In the complex environment of today, the public relation firms need to understand and respond to our ever-changing demands, rising expectations, and values for increasingly intrusive news media and public consultation. The focus on internal objectives is not enough, requiring outside thinking, which is a mandatory prerequisite for accomplishing the tacit acceptance of society to remain operational during a situation of crisis management.
In the disaffected political environment of today, leaders in businesses and governments are now being called to embrace the genuine public input. There is little doubt over the fact that public consultation has become a vital component of outside-in thinking. It is all about building dialogue into the process of communication to mitigate conflict, accomplishing as much consensus as required in balancing the scales of developmental-ism and protectionism.
Recently, people perceived that holding a few town hall meetings, placing some ads, distributing some literature, and being aware of upcoming issues would produce the consequence the organization wants. However, this belief is now outdated. Now, the public is concerned about what constitutes sustainable development. Unfortunately, this concern is increasing. As we get accustomed to the real environmental pressures, it is argued that most of us will feel a need to put a brake on the remorseless industrialization progress. The outcome is that a very reasonable and well-researched proposal concerning planning permission for a novel development on the green belt area’s edge may not sound so justified, especially to those people who feel that environmental degradation is threatening them.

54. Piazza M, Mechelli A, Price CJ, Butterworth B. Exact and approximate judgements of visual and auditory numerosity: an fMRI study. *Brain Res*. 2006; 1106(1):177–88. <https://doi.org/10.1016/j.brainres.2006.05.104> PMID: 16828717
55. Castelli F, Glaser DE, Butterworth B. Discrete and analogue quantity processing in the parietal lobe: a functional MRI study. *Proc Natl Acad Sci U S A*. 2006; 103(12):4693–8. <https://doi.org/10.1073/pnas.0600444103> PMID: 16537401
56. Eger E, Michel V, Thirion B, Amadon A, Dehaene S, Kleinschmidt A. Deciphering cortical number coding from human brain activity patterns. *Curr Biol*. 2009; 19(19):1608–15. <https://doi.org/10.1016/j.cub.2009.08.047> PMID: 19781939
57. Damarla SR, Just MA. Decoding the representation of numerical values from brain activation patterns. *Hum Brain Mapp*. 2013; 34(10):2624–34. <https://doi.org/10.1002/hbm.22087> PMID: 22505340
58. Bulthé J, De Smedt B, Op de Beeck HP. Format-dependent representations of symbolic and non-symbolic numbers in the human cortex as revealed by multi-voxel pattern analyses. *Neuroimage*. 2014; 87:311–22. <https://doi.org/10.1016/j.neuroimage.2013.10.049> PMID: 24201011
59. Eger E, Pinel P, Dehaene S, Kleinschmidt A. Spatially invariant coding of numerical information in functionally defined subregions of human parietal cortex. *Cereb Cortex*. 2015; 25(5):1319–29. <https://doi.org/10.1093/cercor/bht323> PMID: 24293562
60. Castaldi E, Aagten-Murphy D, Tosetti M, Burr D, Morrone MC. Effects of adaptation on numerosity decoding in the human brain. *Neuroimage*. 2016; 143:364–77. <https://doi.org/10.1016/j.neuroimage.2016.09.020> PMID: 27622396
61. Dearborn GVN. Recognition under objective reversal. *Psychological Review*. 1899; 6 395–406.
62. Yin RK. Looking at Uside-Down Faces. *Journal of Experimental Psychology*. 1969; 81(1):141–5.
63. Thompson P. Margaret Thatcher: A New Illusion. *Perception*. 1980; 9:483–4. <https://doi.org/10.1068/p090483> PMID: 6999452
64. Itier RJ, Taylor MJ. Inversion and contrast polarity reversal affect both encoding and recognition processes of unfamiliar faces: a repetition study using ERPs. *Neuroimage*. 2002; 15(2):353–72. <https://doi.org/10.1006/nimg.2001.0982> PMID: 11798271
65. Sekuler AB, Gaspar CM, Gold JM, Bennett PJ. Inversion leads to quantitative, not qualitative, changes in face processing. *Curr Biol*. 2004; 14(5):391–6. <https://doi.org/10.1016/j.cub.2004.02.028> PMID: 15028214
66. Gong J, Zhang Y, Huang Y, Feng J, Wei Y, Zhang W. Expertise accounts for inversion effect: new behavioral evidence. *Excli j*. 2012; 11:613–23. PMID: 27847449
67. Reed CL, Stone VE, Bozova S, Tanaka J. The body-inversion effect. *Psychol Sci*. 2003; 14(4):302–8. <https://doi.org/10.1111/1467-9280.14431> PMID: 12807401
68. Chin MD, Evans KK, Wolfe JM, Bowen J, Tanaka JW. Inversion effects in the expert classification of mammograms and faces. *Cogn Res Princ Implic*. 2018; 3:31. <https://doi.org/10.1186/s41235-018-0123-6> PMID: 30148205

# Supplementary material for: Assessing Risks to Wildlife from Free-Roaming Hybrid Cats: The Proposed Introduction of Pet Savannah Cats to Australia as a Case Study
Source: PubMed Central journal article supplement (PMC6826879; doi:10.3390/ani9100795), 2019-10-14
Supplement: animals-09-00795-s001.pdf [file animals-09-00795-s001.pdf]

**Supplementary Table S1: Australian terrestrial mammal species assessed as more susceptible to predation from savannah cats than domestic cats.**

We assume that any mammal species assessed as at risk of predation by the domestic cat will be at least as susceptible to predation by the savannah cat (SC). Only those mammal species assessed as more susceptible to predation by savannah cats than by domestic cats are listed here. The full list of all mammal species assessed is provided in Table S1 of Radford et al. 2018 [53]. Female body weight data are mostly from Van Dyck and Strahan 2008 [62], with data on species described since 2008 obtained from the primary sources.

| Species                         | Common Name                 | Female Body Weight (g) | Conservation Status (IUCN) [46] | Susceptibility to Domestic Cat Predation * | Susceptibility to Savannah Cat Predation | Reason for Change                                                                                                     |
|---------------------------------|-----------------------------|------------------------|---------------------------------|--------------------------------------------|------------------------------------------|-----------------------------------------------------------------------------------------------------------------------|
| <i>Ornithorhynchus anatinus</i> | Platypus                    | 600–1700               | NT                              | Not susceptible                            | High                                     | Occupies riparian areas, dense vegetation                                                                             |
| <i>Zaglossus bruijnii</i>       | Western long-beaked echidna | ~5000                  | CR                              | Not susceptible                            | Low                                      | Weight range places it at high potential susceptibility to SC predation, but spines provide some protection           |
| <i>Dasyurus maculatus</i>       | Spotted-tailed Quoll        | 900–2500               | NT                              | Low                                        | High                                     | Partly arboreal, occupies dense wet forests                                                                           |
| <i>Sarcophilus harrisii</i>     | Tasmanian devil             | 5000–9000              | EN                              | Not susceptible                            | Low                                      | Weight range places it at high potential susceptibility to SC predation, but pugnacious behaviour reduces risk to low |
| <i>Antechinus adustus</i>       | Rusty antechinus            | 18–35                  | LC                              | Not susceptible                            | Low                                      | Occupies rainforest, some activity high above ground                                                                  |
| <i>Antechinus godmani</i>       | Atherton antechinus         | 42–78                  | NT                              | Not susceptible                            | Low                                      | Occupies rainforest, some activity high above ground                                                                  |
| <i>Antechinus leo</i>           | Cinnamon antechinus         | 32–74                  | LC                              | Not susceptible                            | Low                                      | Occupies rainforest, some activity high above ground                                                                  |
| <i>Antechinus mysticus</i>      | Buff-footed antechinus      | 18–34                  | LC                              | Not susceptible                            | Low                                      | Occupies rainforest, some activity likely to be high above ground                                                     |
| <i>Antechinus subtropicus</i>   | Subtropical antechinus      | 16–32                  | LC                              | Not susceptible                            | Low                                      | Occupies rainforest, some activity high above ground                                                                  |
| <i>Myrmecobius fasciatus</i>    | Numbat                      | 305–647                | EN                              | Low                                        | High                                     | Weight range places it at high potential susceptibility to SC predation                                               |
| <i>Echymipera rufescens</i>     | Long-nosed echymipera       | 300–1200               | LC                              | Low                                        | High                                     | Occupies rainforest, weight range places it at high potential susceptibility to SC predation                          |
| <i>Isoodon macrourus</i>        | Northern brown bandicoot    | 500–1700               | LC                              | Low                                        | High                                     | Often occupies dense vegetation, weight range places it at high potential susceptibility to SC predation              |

Such a case can be traced back to 1996. In this case, a company was awaiting the confirmation of planning permission to run a low-level radioactive waste facility. Surprisingly, the campaign used for this was highly vocal, articular, and well-organized. Despite emphasizing that the type of waste stored at the facility posed absolutely no risk, the government officials, children, parents, local teachers, and human health, already working with nuclear materials and living in a catchment area of research establishments advocated that the breaking point has finally reached.
Anxiety over the perceived additional risk to the environment and their health, along with the failure on the part of the involved organization to come up with a more proactive process of public consultation during the application for planning permission, created a militant response and mistrust. The children and parents marched on the premises of the organization, under the watchful eye of newspaper reporters, radio, and local television. Although zero risks were never expected, they always wanted to get as close as possible. This rightly demonstrates the importance of public consultation during crisis management.
The organizations are finding it difficult to go down a more assertive public consultation route. To overcome this, they can try not getting their own way on almost every single issue. If the consultation becomes unsuccessful, public opinion may become divided and polarized. However, this can be addressed through active communication regarding issues, adopting a more inclusive approach in the consultation and influencing process. In fact, this should be a mandatory prerequisite if the existing fault-line between sustainable and financial success needs to be eliminated. Outside-in thinking is dependent on the ability of an organization to move away from an information flow that has a uni-directional, to a more active dialogue that takes into consideration a more extensive range of stakeholder groups. The organizations and institutions, upon which we depend to protect and provide, must run faster to accomplish consensus and resolve probable conflict about their relationship and role in society. Those failing to address the need for this kind of change may simply have their operational licenses revoked.